Mark, how can an active person who doesn’t eat meat or fish and wants to eat minimum soy get good quality protein? Would you suggest whey supplements in case the protein requirements are not met? How much whey is too much?
As everyone and their grandmothers know, I strongly advise a meat and fish eating diet for the most complete nutrition. That said, I know that vegetarians won’t die of protein deprivation. However, they need to make more of a concerted effort to get the full “family” of amino acid building blocks. There are 22 amino acids that the human body uses to manufacture muscle and other vital tissue. Together, these 22 are essential for the body’s repair and regeneration needs. For vegetarians, getting enough of all 22 amino acids generally entails consuming more protein-containing carbohydrates and more calories to get the full amount of necessary protein.
Remember in the movie Runaway Bride when Julia Roberts’ character could never decide how she liked her eggs? We say, don’t worry about it Ms. Roberts, with so many health benefits associated with the consumption of eggs, you should eat ‘em however you can get ‘em!
On the most superficial level, eggs are an excellent source of protein, providing 5.5 grams per 68 calorie serving and all 9 essential amino acids (all for less than 0.5 grams of carbs!)
Chalk yet another one up for low-carb, high protein diets: A study in the current issue of the American Journal of Clinical Nutrition finds that a vegetable-based, low-carbohydrate diet can reduce the risk of type 2 diabetes in women.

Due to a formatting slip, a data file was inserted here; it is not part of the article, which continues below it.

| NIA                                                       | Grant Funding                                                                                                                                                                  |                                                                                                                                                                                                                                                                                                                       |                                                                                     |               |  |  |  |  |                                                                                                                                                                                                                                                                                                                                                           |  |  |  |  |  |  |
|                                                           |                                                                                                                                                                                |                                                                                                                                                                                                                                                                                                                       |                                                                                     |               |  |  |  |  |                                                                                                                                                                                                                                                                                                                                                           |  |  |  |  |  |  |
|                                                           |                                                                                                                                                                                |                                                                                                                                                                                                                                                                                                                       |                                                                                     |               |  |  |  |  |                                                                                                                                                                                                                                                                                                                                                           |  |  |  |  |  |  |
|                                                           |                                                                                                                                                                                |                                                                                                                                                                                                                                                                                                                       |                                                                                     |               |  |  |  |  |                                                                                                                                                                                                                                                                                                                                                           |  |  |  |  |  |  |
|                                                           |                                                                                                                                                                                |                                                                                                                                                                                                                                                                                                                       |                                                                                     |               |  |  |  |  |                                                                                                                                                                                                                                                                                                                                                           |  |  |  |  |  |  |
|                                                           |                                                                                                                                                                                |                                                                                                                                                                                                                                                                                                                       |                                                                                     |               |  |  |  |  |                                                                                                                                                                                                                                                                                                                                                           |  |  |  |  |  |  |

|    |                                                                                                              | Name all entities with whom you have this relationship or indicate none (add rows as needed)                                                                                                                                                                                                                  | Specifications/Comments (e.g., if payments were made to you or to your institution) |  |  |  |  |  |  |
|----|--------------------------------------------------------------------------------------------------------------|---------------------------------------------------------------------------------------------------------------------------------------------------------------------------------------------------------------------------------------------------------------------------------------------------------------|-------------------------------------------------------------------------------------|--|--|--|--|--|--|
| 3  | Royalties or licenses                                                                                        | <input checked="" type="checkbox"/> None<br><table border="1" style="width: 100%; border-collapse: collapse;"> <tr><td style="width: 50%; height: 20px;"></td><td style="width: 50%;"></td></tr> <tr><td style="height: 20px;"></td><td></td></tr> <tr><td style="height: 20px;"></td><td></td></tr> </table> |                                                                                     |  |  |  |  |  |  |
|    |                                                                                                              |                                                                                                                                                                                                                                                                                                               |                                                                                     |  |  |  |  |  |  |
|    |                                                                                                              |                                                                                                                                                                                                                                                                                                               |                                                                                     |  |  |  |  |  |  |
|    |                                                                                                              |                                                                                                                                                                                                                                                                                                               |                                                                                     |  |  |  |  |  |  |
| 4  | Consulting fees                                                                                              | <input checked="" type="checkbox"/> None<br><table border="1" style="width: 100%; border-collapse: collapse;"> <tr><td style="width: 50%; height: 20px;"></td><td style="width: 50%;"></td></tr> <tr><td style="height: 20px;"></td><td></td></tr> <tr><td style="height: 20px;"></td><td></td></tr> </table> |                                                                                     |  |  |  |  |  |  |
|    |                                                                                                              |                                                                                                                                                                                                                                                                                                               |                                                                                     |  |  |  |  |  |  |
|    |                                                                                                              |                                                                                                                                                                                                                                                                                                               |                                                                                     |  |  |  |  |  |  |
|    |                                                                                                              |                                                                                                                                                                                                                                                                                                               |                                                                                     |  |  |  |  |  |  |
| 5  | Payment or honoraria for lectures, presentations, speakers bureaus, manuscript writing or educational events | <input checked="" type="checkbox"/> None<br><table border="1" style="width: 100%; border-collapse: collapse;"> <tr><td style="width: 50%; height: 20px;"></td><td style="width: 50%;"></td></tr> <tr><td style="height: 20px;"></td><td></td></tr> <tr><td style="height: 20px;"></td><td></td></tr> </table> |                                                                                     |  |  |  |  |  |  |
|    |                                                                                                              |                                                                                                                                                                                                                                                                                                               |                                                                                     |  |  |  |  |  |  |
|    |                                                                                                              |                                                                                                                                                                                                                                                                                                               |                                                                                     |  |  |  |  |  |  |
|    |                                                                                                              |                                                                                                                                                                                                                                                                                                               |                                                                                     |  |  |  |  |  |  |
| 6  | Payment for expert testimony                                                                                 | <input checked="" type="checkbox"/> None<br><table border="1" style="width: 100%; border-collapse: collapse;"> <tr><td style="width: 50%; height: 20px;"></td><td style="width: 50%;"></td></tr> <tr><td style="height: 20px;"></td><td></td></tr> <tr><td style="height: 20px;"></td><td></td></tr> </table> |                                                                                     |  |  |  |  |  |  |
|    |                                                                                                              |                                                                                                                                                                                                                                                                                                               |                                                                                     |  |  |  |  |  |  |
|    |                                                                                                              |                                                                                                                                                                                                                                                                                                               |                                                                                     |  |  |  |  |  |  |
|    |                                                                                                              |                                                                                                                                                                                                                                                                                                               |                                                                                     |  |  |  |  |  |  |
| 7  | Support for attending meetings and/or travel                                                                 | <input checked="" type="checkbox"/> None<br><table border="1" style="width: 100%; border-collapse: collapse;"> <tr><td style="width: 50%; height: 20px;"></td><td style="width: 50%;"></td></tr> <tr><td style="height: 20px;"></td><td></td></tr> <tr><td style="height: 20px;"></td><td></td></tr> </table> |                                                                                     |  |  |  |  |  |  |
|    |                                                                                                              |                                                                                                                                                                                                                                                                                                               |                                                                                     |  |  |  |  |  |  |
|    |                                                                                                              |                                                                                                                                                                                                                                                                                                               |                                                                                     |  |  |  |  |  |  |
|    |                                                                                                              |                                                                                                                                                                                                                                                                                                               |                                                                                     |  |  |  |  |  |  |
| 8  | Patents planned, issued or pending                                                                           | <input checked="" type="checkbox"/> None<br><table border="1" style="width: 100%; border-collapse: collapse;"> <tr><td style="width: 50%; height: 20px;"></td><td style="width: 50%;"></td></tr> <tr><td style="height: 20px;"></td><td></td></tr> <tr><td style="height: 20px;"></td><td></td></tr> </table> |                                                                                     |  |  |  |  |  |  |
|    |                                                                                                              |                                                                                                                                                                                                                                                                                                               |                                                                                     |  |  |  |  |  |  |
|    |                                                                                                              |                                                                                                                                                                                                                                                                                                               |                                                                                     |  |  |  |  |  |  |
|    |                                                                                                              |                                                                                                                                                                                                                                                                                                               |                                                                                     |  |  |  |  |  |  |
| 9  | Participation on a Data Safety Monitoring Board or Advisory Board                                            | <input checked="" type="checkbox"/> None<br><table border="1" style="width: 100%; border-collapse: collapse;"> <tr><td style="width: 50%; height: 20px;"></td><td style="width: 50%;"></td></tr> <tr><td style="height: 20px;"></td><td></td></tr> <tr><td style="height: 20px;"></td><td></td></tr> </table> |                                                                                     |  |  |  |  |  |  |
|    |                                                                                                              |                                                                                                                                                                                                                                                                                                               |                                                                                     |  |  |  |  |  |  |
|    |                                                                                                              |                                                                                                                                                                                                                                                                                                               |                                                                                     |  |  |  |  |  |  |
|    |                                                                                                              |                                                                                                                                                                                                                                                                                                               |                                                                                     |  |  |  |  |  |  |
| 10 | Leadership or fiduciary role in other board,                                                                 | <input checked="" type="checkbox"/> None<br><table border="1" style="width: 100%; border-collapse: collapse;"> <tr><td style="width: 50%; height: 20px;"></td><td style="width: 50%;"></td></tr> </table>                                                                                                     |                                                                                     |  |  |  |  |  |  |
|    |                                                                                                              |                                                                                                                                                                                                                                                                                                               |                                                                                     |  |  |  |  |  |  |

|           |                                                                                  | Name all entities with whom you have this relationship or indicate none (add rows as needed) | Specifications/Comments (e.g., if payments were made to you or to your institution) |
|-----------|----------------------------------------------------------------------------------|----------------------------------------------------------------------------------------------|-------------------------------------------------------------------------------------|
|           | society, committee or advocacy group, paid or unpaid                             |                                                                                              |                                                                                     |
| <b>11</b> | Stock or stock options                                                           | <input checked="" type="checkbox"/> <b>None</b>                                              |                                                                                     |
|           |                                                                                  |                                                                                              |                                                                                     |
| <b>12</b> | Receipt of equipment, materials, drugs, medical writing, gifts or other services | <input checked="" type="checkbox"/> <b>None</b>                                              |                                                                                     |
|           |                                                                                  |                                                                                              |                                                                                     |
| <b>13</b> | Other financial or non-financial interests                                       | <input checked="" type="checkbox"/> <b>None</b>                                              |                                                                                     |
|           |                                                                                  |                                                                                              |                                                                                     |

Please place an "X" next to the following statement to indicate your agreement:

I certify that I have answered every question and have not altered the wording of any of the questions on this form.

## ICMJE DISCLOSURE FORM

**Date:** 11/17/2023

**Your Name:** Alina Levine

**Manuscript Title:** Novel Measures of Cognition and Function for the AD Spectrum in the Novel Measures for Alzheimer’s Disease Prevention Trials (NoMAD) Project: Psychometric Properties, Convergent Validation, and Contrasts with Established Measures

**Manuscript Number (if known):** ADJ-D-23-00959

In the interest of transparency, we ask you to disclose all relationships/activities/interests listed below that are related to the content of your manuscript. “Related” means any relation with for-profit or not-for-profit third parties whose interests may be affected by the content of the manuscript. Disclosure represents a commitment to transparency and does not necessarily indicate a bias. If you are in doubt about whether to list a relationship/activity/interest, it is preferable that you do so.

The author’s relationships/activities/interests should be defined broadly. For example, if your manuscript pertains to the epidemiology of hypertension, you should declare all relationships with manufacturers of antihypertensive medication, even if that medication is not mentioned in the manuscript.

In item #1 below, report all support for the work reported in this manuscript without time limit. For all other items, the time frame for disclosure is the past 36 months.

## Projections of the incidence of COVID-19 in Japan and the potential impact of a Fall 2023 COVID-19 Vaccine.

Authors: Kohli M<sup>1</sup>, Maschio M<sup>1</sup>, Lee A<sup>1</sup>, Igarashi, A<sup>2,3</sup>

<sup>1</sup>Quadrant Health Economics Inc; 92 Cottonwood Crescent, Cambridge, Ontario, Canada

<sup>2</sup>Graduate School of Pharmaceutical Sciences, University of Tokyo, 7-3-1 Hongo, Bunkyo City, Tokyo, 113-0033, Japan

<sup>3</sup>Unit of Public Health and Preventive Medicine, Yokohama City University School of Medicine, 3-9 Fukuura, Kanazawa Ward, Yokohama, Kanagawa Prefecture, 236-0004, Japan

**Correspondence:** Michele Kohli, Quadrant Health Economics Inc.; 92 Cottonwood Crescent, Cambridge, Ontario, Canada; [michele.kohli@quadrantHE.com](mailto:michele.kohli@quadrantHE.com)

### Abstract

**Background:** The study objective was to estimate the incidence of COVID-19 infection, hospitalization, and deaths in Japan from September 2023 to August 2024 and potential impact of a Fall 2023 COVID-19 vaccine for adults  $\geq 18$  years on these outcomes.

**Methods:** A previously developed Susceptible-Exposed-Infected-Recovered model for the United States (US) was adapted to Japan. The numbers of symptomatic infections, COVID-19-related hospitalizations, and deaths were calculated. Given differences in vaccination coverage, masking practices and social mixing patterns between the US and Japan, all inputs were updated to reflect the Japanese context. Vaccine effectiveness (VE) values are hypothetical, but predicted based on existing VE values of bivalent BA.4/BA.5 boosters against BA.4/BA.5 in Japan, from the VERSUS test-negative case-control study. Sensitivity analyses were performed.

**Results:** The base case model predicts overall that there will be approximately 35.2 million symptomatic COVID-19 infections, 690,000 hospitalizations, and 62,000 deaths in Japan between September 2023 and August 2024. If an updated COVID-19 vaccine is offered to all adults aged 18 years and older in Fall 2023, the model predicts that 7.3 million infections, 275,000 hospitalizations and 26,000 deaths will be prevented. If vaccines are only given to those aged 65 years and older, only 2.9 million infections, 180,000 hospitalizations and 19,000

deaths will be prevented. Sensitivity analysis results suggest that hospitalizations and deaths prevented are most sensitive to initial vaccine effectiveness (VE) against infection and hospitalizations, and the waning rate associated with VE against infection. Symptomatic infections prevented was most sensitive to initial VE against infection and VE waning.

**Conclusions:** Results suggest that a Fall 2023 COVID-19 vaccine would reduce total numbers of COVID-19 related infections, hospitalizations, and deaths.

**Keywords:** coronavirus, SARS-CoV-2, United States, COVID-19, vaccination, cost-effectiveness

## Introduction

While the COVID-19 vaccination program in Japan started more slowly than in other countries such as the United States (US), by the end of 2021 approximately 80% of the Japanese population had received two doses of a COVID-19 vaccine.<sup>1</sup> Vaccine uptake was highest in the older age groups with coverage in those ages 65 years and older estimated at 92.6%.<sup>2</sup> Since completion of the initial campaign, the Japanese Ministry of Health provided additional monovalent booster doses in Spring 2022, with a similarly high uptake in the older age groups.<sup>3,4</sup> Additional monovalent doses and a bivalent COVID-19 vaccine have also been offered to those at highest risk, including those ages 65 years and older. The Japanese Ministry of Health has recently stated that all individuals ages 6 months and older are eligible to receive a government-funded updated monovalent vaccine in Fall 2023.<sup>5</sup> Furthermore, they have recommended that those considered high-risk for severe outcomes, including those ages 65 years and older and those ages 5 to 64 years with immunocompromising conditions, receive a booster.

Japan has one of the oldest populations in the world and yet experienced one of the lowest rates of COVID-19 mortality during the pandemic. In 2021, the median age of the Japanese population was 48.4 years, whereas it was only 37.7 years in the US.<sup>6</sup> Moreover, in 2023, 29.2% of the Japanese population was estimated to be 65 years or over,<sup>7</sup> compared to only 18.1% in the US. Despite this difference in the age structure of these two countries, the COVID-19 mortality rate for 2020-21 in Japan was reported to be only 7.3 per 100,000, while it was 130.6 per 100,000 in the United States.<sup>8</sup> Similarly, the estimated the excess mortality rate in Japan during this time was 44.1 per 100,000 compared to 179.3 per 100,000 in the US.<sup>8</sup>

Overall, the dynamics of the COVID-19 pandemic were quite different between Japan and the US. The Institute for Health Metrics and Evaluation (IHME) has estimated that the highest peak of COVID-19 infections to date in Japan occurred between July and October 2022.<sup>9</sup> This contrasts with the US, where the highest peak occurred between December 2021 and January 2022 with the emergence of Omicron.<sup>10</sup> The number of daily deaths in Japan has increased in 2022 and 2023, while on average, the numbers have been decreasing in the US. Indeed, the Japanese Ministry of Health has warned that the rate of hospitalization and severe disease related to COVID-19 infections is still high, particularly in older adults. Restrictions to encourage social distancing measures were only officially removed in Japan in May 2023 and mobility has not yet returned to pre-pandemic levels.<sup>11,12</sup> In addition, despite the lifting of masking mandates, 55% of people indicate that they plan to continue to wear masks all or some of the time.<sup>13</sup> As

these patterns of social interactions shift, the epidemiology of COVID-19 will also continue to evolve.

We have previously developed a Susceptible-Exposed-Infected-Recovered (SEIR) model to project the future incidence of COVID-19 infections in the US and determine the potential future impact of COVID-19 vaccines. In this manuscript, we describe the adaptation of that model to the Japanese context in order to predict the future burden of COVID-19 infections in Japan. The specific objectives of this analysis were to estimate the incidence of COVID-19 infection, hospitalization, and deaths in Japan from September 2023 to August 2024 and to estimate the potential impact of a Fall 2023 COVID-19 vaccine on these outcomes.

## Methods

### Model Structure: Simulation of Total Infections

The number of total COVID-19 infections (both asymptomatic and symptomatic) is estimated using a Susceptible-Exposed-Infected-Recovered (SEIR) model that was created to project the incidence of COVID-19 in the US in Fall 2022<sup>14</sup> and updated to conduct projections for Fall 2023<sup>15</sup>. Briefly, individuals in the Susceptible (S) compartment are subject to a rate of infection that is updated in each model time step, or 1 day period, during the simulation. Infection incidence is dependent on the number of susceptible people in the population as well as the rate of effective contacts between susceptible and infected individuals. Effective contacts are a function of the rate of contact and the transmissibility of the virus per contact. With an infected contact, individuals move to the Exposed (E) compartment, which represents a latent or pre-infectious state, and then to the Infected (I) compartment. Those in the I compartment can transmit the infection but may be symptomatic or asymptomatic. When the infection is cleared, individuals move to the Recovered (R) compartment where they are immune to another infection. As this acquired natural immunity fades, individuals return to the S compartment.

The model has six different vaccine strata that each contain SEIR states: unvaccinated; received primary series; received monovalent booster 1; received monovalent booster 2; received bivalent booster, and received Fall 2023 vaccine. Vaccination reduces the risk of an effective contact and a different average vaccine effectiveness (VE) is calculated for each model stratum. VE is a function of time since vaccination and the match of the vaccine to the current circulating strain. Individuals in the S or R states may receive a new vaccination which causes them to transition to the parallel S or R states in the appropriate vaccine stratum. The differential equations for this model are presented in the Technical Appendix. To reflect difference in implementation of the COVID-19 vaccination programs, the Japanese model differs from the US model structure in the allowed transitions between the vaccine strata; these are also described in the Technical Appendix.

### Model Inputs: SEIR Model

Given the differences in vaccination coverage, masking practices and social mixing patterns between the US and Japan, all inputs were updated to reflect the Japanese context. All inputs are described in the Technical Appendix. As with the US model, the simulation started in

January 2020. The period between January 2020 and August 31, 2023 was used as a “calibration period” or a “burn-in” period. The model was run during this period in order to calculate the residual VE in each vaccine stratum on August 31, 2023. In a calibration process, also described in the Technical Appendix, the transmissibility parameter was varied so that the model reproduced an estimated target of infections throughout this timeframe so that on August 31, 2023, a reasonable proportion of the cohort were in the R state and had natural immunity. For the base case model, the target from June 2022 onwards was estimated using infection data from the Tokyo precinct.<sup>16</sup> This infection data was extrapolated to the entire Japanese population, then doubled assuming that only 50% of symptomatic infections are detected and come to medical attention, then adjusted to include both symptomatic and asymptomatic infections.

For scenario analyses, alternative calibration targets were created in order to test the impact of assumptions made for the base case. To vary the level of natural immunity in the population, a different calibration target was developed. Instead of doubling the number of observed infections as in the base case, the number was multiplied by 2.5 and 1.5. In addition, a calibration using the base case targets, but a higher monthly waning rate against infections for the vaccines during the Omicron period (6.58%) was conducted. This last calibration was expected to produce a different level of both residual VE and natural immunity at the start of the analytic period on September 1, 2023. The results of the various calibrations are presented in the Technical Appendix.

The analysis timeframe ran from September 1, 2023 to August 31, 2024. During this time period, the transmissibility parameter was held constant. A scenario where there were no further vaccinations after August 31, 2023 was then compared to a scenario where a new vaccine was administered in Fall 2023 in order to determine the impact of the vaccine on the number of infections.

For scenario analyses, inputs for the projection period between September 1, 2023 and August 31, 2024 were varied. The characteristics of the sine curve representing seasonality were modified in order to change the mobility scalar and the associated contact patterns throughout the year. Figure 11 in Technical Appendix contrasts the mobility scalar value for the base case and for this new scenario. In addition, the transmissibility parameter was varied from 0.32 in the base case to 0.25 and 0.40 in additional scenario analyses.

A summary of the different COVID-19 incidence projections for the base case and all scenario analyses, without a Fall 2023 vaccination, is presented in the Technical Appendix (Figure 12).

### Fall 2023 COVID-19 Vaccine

To assess the impact of diet on type 2 diabetes risk, researchers from the Harvard School of Public Health examined the dietary habits of 85,059 women participating in the Nurse’s Health Study. The women were then assigned a score based on their diet, with higher scores going to the women who consumed a diet rich in animal fats and protein and low in carbohydrates and lower scores assigned to women following a low-fat, high-carbohydrate diet.
A study in the February issue of Epilepsia suggests that a low-carbohydrate, high-protein diet can significantly reduce the number of seizures in adult epileptics.
For almost a century, physicians have prescribed low carbohydrate diets to control epilepsy in children. Among the more popular diets is the ketogenic diet, which requires a period of initial fasting, followed by a diet that severely restricts carbohydrate intake and reduces fluid intake.
In the most recent study to test the value of similar diets on adults, researchers from the Johns Hopkins University School of Medicine in Baltimore assigned 30 epileptic adults ranging in age from 18 to 53 year to follow a “modified Atkins diet” that restricted carbohydrate intake to about 15 grams per day. In order to qualify for the program, participants had to have tried at least two anticonvulsant medications without success and have logged an average of 10 seizures per week.
Well, I’ll be —! This study on protein’s role in hunger management made our day. It’s an oldie but a goody.
The amount of a hunger-fighting hormone can be increased by eating a higher protein diet, researchers report in the September issue of the journal Cell Metabolism, published by Cell Press. The hormone, known as peptide YY (PYY), was earlier found by the researchers to reduce food intake by a third in both normal-weight and obese people when given by injection. We’ve now found that increasing the protein content of the diet augments the body’s own PYY, helping to reduce hunger and aid weight loss,” said Medical Research Council clinician scientist Rachel Batterham of University College London, who led the new study.
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